Friday, September 18, 2009

Game for more


Even on a limited budget, we can still host interesting tournaments that attract strong foreign players.

ONE observation made by Malaysian Chess Federation honorary life president Datuk Tan Chin Nam at the prize-giving ceremony of the Malaysia Open last month was that chess promotion need not mean holding elite tournaments graced by the best players.

It was a statement that struck a chord. He was right, of course.

Best of the best: Vietnam’s Nguyen Ngoc Truong Son accepting his prize from Masterskill University College of Health Sciences director Tunku Kamel Tunku Rijaludin.

Let’s leave the elite tournaments to organisers with the big bucks. If we spend within our means, we can still hold interesting tournaments that attract reasonably strong foreign players.

After all, as Tan reasoned, chess professionals still have to make a living off the game.

Through the Malaysia Chess Festival, we provide opportunities for players to enjoy themselves and win some cash prizes, aside from raising the standard of the local game and enabling them to earn their international title norms.

A successful chess event by Tan’s interpretation then would mean having a tournament that satisfies these conditions: that it must be organised for the players, by the players and be about the players.

If I were to draw a conclusion about the Malaysia Chess Festival based on these conditions, then yes, the event was a success.

The same could be said about the Masterskill Kuala Lumpur Open held earlier this month. I could apply the same three conditions to the KL Open and come to the conclusion that it, too, was a success for the Kuala Lumpur Chess Association.

Of course, I cannot compare the KL Open to the Malaysia Open.

They were two completely different tournaments although they shared many similarities. Both were equally competitive and suspenseful. Players jostled for position and they jostled hard for the points.

Nevertheless, the smaller number of players in the KL Open together with a more compact playing area gave the tournament its own special characteristic.

Players were sitting closer to one another, almost elbow to elbow in many cases. Not one of the visiting grandmasters or international masters minded. No prima donnas among them, they came here to play chess and enjoy a bit of competitive fun.

On the chess board, there were big battles. But as much as I would like to say that it was a very tight race to the finish point, it wasn’t exactly so.

The second half of the tournament was dominated by a 19-year-old grandmaster from Vietnam. Presently, Nguyen Ngoc Truong Son is ranked as No.2 in his country.

At the Malaysia Open, he was among four or five players who remained unbeaten throughout that event. With a little more luck, he could have tied for the first place too.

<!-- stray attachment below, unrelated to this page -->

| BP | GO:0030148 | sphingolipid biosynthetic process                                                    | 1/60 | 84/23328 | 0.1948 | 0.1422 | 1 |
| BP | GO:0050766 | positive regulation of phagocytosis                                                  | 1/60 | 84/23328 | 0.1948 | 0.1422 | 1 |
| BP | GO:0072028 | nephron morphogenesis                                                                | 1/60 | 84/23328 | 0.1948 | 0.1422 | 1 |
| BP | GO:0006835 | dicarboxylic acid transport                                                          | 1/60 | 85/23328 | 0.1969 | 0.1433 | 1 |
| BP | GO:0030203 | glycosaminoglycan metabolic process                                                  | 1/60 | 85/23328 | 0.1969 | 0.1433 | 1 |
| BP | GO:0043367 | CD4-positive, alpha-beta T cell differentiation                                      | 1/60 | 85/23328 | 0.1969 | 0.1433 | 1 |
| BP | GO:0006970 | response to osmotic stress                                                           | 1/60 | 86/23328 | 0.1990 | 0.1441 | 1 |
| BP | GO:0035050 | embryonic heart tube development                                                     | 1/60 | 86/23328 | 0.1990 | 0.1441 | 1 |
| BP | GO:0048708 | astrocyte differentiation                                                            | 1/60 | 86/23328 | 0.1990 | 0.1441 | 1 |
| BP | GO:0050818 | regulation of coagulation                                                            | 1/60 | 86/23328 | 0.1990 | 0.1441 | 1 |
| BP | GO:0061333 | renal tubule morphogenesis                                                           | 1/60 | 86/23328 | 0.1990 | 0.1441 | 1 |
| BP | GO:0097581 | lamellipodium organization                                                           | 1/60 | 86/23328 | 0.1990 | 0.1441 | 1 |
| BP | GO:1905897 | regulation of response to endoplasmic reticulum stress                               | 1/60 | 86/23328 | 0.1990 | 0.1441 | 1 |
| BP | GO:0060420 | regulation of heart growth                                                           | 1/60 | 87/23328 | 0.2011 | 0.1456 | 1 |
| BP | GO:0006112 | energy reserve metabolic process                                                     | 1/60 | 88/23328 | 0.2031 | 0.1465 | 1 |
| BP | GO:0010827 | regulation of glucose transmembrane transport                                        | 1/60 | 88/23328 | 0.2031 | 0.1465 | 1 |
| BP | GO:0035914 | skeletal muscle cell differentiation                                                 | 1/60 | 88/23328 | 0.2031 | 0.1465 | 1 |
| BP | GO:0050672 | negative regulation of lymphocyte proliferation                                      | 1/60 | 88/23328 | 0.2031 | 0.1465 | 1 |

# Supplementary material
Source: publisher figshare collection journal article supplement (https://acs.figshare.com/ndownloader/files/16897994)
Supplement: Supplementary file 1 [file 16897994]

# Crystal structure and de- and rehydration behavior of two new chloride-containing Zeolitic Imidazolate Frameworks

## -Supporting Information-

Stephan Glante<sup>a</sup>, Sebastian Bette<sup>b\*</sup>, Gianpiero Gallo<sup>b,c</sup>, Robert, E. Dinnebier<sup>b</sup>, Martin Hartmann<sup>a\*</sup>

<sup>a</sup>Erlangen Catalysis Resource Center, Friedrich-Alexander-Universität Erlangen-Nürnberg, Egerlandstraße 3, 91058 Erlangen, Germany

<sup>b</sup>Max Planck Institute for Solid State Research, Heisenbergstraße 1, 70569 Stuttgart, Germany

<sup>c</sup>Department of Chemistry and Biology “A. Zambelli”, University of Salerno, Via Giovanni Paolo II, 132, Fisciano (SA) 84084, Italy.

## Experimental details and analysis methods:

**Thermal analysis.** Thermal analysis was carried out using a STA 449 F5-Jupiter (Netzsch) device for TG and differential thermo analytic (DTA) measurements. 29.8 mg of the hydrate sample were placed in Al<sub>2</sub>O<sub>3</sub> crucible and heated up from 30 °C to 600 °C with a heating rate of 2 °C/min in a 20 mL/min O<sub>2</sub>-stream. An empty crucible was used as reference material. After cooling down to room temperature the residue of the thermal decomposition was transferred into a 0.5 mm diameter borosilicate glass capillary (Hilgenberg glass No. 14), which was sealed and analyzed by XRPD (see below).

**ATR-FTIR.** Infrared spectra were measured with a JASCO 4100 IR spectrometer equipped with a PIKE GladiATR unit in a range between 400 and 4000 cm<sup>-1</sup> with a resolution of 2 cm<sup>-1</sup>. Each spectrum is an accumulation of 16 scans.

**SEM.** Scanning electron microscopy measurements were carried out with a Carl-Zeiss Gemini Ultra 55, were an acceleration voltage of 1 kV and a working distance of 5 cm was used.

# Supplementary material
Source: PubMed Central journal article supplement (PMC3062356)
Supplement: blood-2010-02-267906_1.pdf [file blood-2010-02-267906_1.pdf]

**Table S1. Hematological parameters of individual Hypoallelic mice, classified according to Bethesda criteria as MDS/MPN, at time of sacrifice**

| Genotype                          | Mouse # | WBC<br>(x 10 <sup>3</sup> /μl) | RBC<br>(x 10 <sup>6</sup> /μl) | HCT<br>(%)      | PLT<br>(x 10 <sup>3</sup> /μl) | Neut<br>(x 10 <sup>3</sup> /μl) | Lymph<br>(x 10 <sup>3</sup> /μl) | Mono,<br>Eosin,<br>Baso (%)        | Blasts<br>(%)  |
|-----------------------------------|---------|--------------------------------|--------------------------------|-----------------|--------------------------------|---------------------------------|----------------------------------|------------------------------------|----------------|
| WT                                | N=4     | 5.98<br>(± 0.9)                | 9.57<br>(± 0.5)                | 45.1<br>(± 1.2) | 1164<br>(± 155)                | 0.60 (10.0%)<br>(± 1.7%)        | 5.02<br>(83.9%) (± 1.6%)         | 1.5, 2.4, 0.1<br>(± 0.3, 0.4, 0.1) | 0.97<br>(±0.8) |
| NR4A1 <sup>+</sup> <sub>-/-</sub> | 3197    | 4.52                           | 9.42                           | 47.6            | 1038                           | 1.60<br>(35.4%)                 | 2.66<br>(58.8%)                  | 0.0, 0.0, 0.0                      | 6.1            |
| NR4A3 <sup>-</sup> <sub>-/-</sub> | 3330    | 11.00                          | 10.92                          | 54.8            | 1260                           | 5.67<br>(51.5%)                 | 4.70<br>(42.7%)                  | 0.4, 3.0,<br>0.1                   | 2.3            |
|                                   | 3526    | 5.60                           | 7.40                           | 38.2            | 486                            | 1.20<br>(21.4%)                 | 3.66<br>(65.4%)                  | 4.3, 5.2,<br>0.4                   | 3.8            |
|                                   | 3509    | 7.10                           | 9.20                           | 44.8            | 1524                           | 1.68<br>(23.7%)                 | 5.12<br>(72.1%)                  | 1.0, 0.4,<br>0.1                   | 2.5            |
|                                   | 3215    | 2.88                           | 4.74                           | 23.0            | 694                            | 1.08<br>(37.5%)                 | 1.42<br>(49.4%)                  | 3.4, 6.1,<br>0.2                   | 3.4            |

Well, at the KL Open, he showed why his consistency has made him one of Vietnam’s brightest chess stars.

After the fourth round, he shared the top position with two other players but by the end of the fifth round, he was leading the field. However, he allowed his compatriot, the veteran Vietnamese grandmaster Dao Thien Hai, to catch up with him on points and for two rounds, they were running neck and neck towards the finish post.

Dao, however, slipped up in the eighth round. Here was the perfect chance for the 19-year-old. Obviously, he had learnt his lesson at the Malaysia Open and went into the final round with a lot of determination.

He refused to accept any other result but a win and in the end, he got what he wanted: a valuable point from the Uzbekistan grandmaster Marat Dzhumaev.

In second place was Indonesian grandmaster Susanto Megaranto who was just half a point behind the winner. Interestingly enough, Susanto is also the second highest ranked player in his country so there was also a lot of pressure on him to perform.

Unfortunately, he had a poor start, losing two of his first five games. But thereafter, he managed to pull his game together and reeled off consecutive wins in his last four games. His most important point came in the last round when he beat Dao.

Up next

IIUM Open: International Islamic University Malaysia will hold its second chess tournament at its Gombak campus on Oct 17 and 18. Entry fees are RM30 for the open category and RM20 for players under 21. For details, call Norsharmila Zabani (% 03-6196 5393), Ahmad Fadzil Nayan (013-953 1278) or Nurul Azlina Bakrin (017-462 5224). -the star

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